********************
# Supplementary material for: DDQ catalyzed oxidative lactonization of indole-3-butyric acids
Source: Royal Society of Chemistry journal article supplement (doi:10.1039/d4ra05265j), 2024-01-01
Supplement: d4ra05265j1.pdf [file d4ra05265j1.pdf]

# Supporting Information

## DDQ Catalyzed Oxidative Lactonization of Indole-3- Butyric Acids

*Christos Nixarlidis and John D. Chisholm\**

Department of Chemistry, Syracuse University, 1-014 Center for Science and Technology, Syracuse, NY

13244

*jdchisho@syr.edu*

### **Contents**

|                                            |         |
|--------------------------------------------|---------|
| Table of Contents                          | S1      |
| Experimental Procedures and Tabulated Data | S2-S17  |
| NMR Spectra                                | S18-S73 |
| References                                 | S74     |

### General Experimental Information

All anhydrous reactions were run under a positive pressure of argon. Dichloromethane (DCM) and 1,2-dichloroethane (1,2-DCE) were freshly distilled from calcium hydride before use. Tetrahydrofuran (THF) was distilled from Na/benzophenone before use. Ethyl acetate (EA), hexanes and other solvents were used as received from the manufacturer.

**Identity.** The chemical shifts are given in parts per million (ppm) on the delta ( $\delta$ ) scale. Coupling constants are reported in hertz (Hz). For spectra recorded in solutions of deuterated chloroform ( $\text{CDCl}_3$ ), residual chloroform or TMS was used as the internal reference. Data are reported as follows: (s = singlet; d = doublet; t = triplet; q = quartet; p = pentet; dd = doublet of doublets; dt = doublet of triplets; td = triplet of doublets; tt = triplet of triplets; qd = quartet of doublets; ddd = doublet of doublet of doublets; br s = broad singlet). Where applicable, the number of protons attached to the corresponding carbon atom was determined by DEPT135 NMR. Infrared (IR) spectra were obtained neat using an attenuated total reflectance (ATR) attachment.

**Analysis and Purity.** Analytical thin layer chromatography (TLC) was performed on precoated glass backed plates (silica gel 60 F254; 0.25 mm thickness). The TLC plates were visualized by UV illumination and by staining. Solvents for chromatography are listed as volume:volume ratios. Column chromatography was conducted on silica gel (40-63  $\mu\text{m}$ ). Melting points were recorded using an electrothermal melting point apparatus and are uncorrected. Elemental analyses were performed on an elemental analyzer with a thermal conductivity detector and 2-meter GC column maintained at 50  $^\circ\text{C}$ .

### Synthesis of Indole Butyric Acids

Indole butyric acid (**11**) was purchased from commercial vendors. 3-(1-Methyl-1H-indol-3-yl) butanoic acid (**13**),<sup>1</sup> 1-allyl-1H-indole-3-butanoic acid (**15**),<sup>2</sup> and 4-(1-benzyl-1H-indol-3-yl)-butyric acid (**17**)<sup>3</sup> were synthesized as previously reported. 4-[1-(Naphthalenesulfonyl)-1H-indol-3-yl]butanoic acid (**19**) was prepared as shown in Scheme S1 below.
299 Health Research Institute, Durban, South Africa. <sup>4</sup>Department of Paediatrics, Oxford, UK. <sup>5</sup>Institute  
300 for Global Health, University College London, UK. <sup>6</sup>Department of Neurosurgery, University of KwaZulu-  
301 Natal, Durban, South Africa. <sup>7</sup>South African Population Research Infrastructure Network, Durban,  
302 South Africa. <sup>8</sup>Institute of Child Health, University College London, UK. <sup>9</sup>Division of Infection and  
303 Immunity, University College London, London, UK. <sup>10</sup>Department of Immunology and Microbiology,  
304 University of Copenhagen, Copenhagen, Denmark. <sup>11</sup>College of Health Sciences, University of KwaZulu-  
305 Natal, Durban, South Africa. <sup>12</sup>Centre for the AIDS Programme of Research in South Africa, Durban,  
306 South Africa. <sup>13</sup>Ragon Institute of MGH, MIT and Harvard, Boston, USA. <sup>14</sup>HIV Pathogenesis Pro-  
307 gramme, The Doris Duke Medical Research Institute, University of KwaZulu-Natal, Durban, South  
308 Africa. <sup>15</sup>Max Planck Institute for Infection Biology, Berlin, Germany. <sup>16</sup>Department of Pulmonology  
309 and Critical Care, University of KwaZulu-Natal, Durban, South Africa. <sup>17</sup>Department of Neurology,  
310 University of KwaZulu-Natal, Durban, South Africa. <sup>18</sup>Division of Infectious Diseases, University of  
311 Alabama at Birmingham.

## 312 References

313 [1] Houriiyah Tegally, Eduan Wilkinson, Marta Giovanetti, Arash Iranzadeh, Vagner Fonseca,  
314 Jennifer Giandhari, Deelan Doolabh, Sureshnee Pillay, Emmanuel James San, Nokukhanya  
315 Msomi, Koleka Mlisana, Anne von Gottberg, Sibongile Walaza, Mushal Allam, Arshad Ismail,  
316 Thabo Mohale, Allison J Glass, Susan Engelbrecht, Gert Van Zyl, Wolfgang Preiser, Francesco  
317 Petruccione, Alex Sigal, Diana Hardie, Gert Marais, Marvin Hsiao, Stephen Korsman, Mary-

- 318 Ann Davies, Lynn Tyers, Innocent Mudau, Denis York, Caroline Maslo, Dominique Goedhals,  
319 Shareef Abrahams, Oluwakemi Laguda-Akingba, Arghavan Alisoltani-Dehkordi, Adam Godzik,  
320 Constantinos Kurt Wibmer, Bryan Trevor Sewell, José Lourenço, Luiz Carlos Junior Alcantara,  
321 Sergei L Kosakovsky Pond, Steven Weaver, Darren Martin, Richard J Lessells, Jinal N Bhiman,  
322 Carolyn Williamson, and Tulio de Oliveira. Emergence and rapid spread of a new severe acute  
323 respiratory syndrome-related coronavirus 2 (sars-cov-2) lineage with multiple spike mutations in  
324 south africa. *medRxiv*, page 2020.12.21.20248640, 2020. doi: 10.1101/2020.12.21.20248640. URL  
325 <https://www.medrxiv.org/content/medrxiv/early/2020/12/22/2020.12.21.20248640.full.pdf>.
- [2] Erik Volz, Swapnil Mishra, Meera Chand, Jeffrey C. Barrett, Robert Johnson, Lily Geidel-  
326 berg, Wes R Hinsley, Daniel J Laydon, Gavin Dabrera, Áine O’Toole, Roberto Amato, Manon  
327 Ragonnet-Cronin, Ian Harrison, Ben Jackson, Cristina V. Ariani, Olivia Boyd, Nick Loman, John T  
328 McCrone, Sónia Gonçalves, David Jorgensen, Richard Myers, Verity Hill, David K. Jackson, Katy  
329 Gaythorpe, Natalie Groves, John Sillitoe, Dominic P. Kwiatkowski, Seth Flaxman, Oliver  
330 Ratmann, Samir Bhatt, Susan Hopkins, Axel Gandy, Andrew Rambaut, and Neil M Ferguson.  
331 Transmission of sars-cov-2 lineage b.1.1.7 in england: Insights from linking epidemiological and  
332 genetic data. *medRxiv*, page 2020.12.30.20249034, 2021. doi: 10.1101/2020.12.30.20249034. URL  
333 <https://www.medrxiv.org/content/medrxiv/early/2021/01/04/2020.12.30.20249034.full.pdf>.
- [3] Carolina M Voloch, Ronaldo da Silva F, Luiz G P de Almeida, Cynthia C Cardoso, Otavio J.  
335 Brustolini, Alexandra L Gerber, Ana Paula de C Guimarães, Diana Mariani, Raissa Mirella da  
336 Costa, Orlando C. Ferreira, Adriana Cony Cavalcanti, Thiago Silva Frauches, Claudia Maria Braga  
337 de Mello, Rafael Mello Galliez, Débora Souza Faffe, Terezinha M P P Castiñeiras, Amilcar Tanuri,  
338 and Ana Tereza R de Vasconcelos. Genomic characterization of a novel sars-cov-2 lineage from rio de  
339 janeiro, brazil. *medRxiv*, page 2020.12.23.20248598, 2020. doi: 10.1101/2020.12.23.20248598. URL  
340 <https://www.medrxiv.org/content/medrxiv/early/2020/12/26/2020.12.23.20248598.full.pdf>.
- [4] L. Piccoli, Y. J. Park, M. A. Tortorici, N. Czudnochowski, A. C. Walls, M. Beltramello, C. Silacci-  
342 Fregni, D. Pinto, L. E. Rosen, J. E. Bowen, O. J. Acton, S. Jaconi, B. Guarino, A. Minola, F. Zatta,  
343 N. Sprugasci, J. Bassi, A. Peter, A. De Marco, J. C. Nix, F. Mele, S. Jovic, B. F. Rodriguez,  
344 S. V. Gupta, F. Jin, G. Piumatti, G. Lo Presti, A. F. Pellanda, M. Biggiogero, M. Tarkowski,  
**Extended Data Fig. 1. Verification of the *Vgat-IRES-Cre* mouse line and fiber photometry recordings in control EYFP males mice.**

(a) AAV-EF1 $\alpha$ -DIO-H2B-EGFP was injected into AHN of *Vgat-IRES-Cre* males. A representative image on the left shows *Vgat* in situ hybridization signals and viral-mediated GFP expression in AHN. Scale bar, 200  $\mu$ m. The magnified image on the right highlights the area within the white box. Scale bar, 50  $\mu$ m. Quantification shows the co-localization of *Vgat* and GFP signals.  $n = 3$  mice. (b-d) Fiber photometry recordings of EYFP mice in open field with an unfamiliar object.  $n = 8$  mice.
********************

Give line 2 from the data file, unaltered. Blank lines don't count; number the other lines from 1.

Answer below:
Source: Royal Society of Chemistry journal article supplement (doi:10.1039/d4ra05265j), 2024-01-01